Alternative spring break – day 1

26 03 2013

Monday was the first day of work for 10 students (including two site leaders) from the University of Missouri, here to work on public lands in Southwest Colorado on alternative spring break. Instead of going to Cancun or Fort Lauderdale or South Padre Island, these young men and women pursue service opportunities across the country. For more than a decade (13 years now?), San Juan Mountains Association, a nonprofit partner with BLM and the Forest Service on San Juan public lands, has organized work projects that always include at least one day in Spring Creek Basin Herd Management Area. This year and last year, students will be and were here for two days. This year, as last year, students worked on the southeastern boundary fence. Last year, they rebuilt a section of fence that had been vandalized before the roundup (someone cut it in several places); this year, they’re installing braces, tightening some wire and replacing some other wire – maintenance projects much-needed on that fence line.

Volunteers from Mesa Verde and Four Corners Back Country Horsemen and the Colorado chapter of the National Mustang Association also are helping with the project. Some or all of the materials were purchased with funds from last year’s Director’s Challenge, awarded because of BLM’s partnership with Disappointment Wild Bunch Partners, made up of representatives from 4CBCH, MVBCH and NMA/CO.

From SJMA, Kathe Hayes and MK Thompson, from the Forest Service, Tom Kelly, and from BLM, Tom Rice, were overseeing the project.

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Sarah holds the wire strands to give Marshal room to dig a hole for a post as the first step toward building an H-brace.

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Four Corners BCH volunteer Bob Volger and student Emerald watch student Ellen pound in a stake to hold an H-brace to the post set in the hole dug by Marshal in the first photo.

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Student Kara helps Mesa Verde BCH and NMA/CO volunteer Tif Rodriguez tamp dirt around a post set at another H-brace while Forest Service fence-builder extraordinaire Tom Kelly supervises.

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From left, Chalen, Marshal and Aaron saw limbs off a juniper to make way for building braces using the tree. Of the 10 students on the trip, these are the group’s only guys. Chalen is one of the site leaders.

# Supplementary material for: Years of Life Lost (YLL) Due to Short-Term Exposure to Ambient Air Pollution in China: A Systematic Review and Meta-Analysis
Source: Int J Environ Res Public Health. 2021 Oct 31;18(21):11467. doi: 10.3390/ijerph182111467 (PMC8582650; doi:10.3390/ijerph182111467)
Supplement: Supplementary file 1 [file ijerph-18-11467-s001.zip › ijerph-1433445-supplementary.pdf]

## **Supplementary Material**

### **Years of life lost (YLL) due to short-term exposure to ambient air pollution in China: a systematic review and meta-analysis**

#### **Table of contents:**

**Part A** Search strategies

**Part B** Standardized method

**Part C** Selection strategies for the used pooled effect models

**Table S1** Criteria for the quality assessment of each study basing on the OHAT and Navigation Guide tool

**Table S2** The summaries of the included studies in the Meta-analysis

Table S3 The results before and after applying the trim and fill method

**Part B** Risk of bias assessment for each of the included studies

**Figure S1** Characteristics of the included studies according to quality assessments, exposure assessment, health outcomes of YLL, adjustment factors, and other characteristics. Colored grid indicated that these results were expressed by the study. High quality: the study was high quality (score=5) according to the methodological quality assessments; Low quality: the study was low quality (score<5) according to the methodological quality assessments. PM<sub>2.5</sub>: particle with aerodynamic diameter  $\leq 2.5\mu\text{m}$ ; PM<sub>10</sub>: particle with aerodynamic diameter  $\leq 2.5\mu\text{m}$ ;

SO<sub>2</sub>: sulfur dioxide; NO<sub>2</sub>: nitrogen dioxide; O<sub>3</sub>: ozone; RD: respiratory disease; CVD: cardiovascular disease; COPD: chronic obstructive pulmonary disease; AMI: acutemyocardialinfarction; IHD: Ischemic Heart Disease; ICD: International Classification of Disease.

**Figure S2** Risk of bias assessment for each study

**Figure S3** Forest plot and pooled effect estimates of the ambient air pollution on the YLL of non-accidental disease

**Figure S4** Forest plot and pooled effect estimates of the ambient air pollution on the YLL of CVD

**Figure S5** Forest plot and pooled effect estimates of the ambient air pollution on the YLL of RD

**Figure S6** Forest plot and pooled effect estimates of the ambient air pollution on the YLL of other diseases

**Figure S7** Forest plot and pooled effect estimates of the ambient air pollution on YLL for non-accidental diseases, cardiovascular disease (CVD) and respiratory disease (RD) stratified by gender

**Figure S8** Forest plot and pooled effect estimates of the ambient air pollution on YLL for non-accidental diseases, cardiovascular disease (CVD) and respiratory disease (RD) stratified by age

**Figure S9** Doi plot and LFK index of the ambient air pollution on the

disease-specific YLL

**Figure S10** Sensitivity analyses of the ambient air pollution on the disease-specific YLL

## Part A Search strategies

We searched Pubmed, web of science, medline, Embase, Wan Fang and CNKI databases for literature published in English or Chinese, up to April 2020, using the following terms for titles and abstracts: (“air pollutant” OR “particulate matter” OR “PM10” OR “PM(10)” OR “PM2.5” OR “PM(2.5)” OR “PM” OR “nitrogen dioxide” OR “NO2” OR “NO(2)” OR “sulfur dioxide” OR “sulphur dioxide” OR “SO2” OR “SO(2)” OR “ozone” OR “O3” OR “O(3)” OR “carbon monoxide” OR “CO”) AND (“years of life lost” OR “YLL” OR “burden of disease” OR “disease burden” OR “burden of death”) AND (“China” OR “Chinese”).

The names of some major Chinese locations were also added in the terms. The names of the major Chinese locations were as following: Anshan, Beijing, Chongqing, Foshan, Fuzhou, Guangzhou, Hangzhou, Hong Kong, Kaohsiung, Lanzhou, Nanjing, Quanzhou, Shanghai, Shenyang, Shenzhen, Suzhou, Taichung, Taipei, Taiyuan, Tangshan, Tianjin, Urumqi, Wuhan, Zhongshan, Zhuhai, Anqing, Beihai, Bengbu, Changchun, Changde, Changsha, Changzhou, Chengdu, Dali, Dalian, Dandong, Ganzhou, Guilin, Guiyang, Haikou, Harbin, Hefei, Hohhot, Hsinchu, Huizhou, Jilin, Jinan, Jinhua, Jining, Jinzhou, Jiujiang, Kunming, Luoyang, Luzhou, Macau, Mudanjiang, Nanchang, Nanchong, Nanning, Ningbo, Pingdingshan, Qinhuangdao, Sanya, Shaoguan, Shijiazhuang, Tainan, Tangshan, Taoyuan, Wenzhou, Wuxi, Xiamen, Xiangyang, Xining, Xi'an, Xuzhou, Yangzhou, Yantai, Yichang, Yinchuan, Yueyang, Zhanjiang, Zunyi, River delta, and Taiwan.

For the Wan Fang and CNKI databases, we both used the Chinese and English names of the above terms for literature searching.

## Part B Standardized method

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SJMA’s MK painstakingly removes staples from wire embedded in the juniper tree seen in the previous photo. Moving forward, each tree used for braces will get protective staves to prevent this from happening (thanks, Tom Kelly!).

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Tif watches while Kara drills a hole for a spike through the brace and tree for stability.

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Emerald drills the way for another spike in another brace. Altogether, three sections of braces had posts dug and posts set in place. Because this area of Spring Creek Basin Herd Management Area also is part of McKenna Peak Wilderness Study Area, all the work had to be done by hand – no mechanical help such as chainsaws.

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Sarah holds wire while Bob, Tom Kelly and Tori (also a site leader) wrap wire around the H-brace and tree (with staves) to tighten.

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Bob, Tom Kelly and Tom Rice do the last bit of work for the day: tightening the wire around the farthest H-brace for stability.

Today, we’ll tighten and replace wire strands.

Thank you to everyone who is helping with this project! We so appreciate your work ethic and commitment to our public lands!


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3 responses

26 03 2013
Pat Amthor

Thanks for the informative article. The Alternative Break Program is so good for the young people who choose to participate. I have found them to be fun, bright and personable. What an experience for them here in the country I love and to get to see the horses I also love.

26 03 2013
Sarah Rose

wonderful 🙂 What a great thing for young people to be involved with!

26 03 2013
Puller Lanigan

Fabulous! And how wonderful that you were able to record it for posterity!

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